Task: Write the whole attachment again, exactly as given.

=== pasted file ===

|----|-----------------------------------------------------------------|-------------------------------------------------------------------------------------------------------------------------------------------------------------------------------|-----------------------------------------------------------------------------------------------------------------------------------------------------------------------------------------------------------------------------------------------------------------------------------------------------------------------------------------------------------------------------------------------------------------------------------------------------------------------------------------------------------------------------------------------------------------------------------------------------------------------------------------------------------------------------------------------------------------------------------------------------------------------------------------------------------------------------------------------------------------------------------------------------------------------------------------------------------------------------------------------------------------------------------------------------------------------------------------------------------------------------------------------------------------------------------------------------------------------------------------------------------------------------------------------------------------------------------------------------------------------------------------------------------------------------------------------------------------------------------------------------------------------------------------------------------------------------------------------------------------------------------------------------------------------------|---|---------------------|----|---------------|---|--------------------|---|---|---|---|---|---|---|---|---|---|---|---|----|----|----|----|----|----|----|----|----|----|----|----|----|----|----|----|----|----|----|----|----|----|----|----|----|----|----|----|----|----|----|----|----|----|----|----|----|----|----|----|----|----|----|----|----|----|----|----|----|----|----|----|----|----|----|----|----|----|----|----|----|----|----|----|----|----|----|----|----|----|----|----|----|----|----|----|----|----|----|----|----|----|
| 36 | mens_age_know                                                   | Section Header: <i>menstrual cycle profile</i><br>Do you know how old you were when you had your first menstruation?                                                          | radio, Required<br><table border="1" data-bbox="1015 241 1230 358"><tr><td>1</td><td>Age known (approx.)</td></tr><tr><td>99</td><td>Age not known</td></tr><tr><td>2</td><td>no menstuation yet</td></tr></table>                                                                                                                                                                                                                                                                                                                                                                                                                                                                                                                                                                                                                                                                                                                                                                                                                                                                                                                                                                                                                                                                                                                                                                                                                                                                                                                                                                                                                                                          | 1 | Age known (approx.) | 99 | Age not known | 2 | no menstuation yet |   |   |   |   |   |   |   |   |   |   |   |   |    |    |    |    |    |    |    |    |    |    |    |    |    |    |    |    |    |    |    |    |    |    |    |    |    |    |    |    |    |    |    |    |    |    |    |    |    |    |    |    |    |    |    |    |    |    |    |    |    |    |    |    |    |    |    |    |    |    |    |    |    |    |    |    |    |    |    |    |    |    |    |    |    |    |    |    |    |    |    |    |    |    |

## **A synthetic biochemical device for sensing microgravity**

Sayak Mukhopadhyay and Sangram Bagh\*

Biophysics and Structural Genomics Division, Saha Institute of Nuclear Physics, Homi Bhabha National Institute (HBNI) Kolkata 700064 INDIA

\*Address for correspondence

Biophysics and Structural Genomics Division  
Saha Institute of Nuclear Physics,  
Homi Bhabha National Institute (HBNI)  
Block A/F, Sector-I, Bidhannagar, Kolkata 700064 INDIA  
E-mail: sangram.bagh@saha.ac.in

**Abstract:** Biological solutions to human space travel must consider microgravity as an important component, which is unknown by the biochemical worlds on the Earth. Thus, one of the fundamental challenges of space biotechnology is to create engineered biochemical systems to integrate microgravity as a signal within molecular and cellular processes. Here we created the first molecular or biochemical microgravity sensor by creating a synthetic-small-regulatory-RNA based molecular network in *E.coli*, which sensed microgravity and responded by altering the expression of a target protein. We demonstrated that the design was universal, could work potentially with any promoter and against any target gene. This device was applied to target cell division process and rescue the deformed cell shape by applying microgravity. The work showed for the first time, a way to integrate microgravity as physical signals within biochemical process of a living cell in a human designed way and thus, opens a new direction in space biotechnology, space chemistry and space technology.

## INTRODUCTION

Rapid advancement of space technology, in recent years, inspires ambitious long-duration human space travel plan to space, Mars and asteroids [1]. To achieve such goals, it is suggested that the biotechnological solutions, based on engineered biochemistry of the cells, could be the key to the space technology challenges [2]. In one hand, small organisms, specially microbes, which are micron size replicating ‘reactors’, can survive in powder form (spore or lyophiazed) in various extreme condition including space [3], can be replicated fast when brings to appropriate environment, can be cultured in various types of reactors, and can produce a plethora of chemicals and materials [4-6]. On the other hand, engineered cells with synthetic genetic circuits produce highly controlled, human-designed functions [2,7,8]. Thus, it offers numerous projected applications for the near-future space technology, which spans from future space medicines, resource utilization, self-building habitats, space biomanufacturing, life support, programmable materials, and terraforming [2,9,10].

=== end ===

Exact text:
|----|-----------------------------------------------------------------|-------------------------------------------------------------------------------------------------------------------------------------------------------------------------------|-----------------------------------------------------------------------------------------------------------------------------------------------------------------------------------------------------------------------------------------------------------------------------------------------------------------------------------------------------------------------------------------------------------------------------------------------------------------------------------------------------------------------------------------------------------------------------------------------------------------------------------------------------------------------------------------------------------------------------------------------------------------------------------------------------------------------------------------------------------------------------------------------------------------------------------------------------------------------------------------------------------------------------------------------------------------------------------------------------------------------------------------------------------------------------------------------------------------------------------------------------------------------------------------------------------------------------------------------------------------------------------------------------------------------------------------------------------------------------------------------------------------------------------------------------------------------------------------------------------------------------------------------------------------------------|---|---------------------|----|---------------|---|--------------------|---|---|---|---|---|---|---|---|---|---|---|---|----|----|----|----|----|----|----|----|----|----|----|----|----|----|----|----|----|----|----|----|----|----|----|----|----|----|----|----|----|----|----|----|----|----|----|----|----|----|----|----|----|----|----|----|----|----|----|----|----|----|----|----|----|----|----|----|----|----|----|----|----|----|----|----|----|----|----|----|----|----|----|----|----|----|----|----|----|----|----|----|----|----|
| 36 | mens_age_know                                                   | Section Header: <i>menstrual cycle profile</i><br>Do you know how old you were when you had your first menstruation?                                                          | radio, Required<br><table border="1" data-bbox="1015 241 1230 358"><tr><td>1</td><td>Age known (approx.)</td></tr><tr><td>99</td><td>Age not known</td></tr><tr><td>2</td><td>no menstuation yet</td></tr></table>                                                                                                                                                                                                                                                                                                                                                                                                                                                                                                                                                                                                                                                                                                                                                                                                                                                                                                                                                                                                                                                                                                                                                                                                                                                                                                                                                                                                                                                          | 1 | Age known (approx.) | 99 | Age not known | 2 | no menstuation yet |   |   |   |   |   |   |   |   |   |   |   |   |    |    |    |    |    |    |    |    |    |    |    |    |    |    |    |    |    |    |    |    |    |    |    |    |    |    |    |    |    |    |    |    |    |    |    |    |    |    |    |    |    |    |    |    |    |    |    |    |    |    |    |    |    |    |    |    |    |    |    |    |    |    |    |    |    |    |    |    |    |    |    |    |    |    |    |    |    |    |    |    |    |    |

## **A synthetic biochemical device for sensing microgravity**

Sayak Mukhopadhyay and Sangram Bagh\*

Biophysics and Structural Genomics Division, Saha Institute of Nuclear Physics, Homi Bhabha National Institute (HBNI) Kolkata 700064 INDIA

\*Address for correspondence

Biophysics and Structural Genomics Division  
Saha Institute of Nuclear Physics,  
Homi Bhabha National Institute (HBNI)  
Block A/F, Sector-I, Bidhannagar, Kolkata 700064 INDIA  
E-mail: sangram.bagh@saha.ac.in

**Abstract:** Biological solutions to human space travel must consider microgravity as an important component, which is unknown by the biochemical worlds on the Earth. Thus, one of the fundamental challenges of space biotechnology is to create engineered biochemical systems to integrate microgravity as a signal within molecular and cellular processes. Here we created the first molecular or biochemical microgravity sensor by creating a synthetic-small-regulatory-RNA based molecular network in *E.coli*, which sensed microgravity and responded by altering the expression of a target protein. We demonstrated that the design was universal, could work potentially with any promoter and against any target gene. This device was applied to target cell division process and rescue the deformed cell shape by applying microgravity. The work showed for the first time, a way to integrate microgravity as physical signals within biochemical process of a living cell in a human designed way and thus, opens a new direction in space biotechnology, space chemistry and space technology.

## INTRODUCTION

Rapid advancement of space technology, in recent years, inspires ambitious long-duration human space travel plan to space, Mars and asteroids [1]. To achieve such goals, it is suggested that the biotechnological solutions, based on engineered biochemistry of the cells, could be the key to the space technology challenges [2]. In one hand, small organisms, specially microbes, which are micron size replicating ‘reactors’, can survive in powder form (spore or lyophiazed) in various extreme condition including space [3], can be replicated fast when brings to appropriate environment, can be cultured in various types of reactors, and can produce a plethora of chemicals and materials [4-6]. On the other hand, engineered cells with synthetic genetic circuits produce highly controlled, human-designed functions [2,7,8]. Thus, it offers numerous projected applications for the near-future space technology, which spans from future space medicines, resource utilization, self-building habitats, space biomanufacturing, life support, programmable materials, and terraforming [2,9,10].